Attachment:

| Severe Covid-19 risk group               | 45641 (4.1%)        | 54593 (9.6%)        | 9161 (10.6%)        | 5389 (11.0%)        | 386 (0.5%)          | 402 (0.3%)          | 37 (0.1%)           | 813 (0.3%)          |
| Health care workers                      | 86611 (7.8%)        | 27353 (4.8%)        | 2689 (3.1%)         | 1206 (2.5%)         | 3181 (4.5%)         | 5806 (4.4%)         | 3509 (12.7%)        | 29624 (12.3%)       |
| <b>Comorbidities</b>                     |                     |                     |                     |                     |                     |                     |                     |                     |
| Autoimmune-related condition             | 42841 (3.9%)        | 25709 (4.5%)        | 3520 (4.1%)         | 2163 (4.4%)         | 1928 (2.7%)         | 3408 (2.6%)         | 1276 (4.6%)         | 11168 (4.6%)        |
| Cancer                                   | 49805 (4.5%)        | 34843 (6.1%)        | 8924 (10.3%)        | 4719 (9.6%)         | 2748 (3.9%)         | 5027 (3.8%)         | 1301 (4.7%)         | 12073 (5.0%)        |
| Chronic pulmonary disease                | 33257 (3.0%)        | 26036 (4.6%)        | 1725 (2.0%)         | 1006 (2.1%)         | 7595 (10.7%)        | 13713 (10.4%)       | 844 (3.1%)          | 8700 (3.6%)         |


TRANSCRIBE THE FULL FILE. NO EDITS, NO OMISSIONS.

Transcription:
| Severe Covid-19 risk group               | 45641 (4.1%)        | 54593 (9.6%)        | 9161 (10.6%)        | 5389 (11.0%)        | 386 (0.5%)          | 402 (0.3%)          | 37 (0.1%)           | 813 (0.3%)          |
| Health care workers                      | 86611 (7.8%)        | 27353 (4.8%)        | 2689 (3.1%)         | 1206 (2.5%)         | 3181 (4.5%)         | 5806 (4.4%)         | 3509 (12.7%)        | 29624 (12.3%)       |
| <b>Comorbidities</b>                     |                     |                     |                     |                     |                     |                     |                     |                     |
| Autoimmune-related condition             | 42841 (3.9%)        | 25709 (4.5%)        | 3520 (4.1%)         | 2163 (4.4%)         | 1928 (2.7%)         | 3408 (2.6%)         | 1276 (4.6%)         | 11168 (4.6%)        |
| Cancer                                   | 49805 (4.5%)        | 34843 (6.1%)        | 8924 (10.3%)        | 4719 (9.6%)         | 2748 (3.9%)         | 5027 (3.8%)         | 1301 (4.7%)         | 12073 (5.0%)        |
| Chronic pulmonary disease                | 33257 (3.0%)        | 26036 (4.6%)        | 1725 (2.0%)         | 1006 (2.1%)         | 7595 (10.7%)        | 13713 (10.4%)       | 844 (3.1%)          | 8700 (3.6%)         |